3. Track Climate Finance
Effectively and accurately tracking climate finance is a core challenge for the international climate regime to ensure that finance is flowing and meeting its intended objectives. The Paris Agreement tasked the SBSTA to develop by 2018 accounting rules for Parties to follow in order to better track public climate finance and increase transparency. Developed countries also committed to continue reporting every two years on finance they’ve provided and mobilized, and also start reporting on public funding they intend to provide in following years. The Agreement encourages developing countries to also follow this practice. The APA is tasked with determining the specific information these countries should report, when it will be due, and how it will be reviewed.
4. Create an Adaptation Cycle of Ambition
The Paris Agreement finally puts adaptation on par with mitigation and recognizes loss and damage as a distinct concept within the international climate regime. The Adaptation Committee must now develop a process for recognizing developing nations’ adaptation efforts and methodologies for assessing adaptation needs, work that could be critical in supporting countries in developing their periodic adaptation communications in ways that allow for a clearer and more uniform synthesis to inform the Global Stocktake.
5. Design the First Dedicated Committee for Capacity Building
Many developing countries still lack the necessary finance, skills and knowledge to undertake climate mitigation and adaptation actions. So the Agreement called for a designated body for capacity building, known as the Paris Committee on Capacity Building (PCCB), to ensure that all countries can meet their commitments. The PCCB will oversee a four-year work plan, starting this year, to address gaps and needs, and ensure coordination of efforts in capacity-building activities in developing countries. The SBI will develop the terms of reference for the PCCB this year, with the expectation that Parties will formally adopt them at COP22.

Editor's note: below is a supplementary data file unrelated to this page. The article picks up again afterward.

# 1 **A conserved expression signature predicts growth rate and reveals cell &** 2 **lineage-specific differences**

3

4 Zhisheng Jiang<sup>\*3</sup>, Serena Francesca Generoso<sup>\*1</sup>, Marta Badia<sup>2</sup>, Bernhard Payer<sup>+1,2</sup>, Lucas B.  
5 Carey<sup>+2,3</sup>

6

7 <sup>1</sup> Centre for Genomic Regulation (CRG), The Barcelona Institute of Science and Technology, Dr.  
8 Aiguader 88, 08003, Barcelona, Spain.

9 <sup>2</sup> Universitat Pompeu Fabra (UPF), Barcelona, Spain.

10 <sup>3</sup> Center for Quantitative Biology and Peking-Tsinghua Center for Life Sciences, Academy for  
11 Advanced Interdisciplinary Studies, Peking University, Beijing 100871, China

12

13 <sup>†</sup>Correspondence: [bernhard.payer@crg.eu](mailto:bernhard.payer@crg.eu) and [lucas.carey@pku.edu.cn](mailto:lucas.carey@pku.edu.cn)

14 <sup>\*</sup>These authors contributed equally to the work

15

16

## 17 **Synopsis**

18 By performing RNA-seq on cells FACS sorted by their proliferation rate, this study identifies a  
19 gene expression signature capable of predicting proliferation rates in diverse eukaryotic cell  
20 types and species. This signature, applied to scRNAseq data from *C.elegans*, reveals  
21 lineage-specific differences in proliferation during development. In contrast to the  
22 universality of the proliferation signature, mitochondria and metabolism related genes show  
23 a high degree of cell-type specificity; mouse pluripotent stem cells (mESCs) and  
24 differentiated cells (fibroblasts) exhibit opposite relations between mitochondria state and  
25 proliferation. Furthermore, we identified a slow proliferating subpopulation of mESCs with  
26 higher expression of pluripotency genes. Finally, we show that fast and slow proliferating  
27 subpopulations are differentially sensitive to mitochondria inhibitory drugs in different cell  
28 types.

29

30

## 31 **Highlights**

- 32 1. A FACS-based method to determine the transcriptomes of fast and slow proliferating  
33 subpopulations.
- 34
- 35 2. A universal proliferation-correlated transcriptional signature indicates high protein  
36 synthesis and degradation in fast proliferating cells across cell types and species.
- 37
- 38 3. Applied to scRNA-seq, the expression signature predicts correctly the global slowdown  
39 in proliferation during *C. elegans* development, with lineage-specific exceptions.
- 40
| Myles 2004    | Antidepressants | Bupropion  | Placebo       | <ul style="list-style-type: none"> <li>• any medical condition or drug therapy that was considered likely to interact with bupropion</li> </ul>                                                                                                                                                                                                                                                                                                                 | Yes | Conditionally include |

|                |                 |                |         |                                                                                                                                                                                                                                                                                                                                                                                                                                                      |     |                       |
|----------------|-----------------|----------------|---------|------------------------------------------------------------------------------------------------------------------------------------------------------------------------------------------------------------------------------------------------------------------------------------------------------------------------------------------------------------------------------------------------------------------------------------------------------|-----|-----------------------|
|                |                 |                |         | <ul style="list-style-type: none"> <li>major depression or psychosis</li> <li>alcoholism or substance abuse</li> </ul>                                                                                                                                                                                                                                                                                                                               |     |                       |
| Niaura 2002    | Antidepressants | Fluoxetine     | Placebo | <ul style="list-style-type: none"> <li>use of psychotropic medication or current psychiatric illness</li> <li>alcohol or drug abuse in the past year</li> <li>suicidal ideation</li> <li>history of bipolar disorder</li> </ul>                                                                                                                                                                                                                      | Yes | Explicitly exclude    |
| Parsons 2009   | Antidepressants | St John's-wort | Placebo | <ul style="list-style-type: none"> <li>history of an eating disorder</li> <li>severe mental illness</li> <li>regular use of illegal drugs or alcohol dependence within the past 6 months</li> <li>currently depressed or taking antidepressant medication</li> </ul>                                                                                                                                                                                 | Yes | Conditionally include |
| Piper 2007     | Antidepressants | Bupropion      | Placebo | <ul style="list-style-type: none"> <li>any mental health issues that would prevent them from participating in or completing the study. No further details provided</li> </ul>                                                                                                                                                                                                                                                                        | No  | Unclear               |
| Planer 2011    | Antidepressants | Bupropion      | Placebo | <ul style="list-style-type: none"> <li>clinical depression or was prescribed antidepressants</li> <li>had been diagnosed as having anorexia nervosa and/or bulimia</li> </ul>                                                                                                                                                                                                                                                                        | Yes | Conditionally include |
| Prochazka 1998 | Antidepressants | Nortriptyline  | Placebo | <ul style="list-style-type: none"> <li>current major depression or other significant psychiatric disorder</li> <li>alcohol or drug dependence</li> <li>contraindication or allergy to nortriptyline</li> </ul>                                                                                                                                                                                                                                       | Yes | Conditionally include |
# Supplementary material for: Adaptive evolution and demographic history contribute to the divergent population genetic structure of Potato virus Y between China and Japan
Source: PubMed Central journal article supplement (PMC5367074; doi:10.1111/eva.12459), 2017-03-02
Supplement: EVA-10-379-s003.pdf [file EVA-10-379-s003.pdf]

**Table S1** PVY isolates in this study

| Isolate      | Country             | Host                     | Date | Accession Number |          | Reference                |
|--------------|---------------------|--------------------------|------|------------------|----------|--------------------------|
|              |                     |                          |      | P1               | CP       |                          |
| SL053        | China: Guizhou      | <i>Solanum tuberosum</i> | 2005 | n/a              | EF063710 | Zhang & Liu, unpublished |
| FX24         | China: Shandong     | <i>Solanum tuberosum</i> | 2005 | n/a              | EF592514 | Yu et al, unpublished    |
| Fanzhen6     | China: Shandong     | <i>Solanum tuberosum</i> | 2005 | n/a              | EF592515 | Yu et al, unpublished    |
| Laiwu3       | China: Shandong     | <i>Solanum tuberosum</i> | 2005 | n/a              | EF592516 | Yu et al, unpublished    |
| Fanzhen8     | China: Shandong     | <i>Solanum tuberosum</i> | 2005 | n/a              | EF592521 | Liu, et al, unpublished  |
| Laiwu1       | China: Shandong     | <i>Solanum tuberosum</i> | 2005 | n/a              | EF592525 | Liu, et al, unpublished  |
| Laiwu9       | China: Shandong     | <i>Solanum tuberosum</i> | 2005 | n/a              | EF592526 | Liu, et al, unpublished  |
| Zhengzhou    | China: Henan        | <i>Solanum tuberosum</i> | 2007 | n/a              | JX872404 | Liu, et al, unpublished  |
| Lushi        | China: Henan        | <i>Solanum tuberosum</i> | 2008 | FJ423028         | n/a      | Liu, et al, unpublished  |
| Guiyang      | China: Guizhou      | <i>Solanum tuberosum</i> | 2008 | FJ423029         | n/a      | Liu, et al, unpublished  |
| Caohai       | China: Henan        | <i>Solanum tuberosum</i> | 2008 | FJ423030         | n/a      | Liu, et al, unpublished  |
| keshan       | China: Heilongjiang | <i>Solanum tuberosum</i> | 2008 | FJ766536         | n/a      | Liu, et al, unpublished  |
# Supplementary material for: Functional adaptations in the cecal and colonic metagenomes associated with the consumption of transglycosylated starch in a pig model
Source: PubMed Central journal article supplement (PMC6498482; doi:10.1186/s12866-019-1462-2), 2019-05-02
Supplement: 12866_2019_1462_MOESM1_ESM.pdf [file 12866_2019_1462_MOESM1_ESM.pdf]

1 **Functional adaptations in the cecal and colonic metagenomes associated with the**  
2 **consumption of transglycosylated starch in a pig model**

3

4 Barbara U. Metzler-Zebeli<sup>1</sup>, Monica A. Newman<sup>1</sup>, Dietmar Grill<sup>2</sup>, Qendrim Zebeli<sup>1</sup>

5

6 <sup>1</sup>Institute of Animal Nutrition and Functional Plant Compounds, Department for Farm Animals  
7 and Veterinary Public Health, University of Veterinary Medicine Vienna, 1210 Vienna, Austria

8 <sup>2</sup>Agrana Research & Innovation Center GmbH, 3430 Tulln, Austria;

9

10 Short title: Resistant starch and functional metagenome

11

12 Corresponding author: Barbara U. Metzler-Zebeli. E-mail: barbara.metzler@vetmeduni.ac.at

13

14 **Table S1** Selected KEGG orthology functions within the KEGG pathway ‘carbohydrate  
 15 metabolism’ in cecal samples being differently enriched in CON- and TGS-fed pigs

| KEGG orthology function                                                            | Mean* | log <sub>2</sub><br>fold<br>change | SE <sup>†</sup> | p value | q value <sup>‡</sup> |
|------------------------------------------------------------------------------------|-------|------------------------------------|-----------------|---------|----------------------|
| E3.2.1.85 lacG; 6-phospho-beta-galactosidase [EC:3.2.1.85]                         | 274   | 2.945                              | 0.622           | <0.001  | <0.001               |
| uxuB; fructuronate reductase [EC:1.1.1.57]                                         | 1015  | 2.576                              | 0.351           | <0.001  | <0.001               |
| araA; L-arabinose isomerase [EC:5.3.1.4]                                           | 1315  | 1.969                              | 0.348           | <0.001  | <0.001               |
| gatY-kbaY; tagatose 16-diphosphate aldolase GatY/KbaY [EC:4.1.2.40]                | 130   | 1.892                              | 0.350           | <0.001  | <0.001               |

6. Decide How Countries Can Achieve their Mitigation Targets Cooperatively
The Agreement allows Parties to pursue their mitigation outcomes cooperatively, potentially utilizing both market means—such as emissions-trading schemes—and non-market means, like policies or financial assistance. These cooperative approaches will be undertaken through a new mechanism, the purpose of which is to incentivize mitigation while fostering sustainable development, and guided by a new framework for non-market approaches to sustainable development. How the mechanism will operate, and what the framework is, must now be determined by the SBSTA ahead of the first meeting of the Parties.
7. Create a New Technology Framework
The Paris Agreement provides a long-term vision for developing new technologies and enabling the transfer of these technologies from the developed to the developing world in order to help nations mitigate and adapt to climate change. Ahead of the first meeting of the Parties, the SBSTA must lay out the details of a framework to support this goal.
Although the exact timing of the first meeting of the Parties is not yet known, it’s clear that there’s a lot of work to do between now and then. Parties should begin this work at the first meeting of the APA in May this year, and agree on a robust work plan with clear sequencing for putting the key elements in place. The quality of the rules and procedures developed in the coming years will ultimately determine the success of the Paris Agreement.
EDITOR'S NOTE, 3/10/15: A previous version of this blog post incorrectly stated that the SBSTA is responsible for determining the specific finance information that countries must report. It is actually the APA. The post has been corrected, and we regret the error.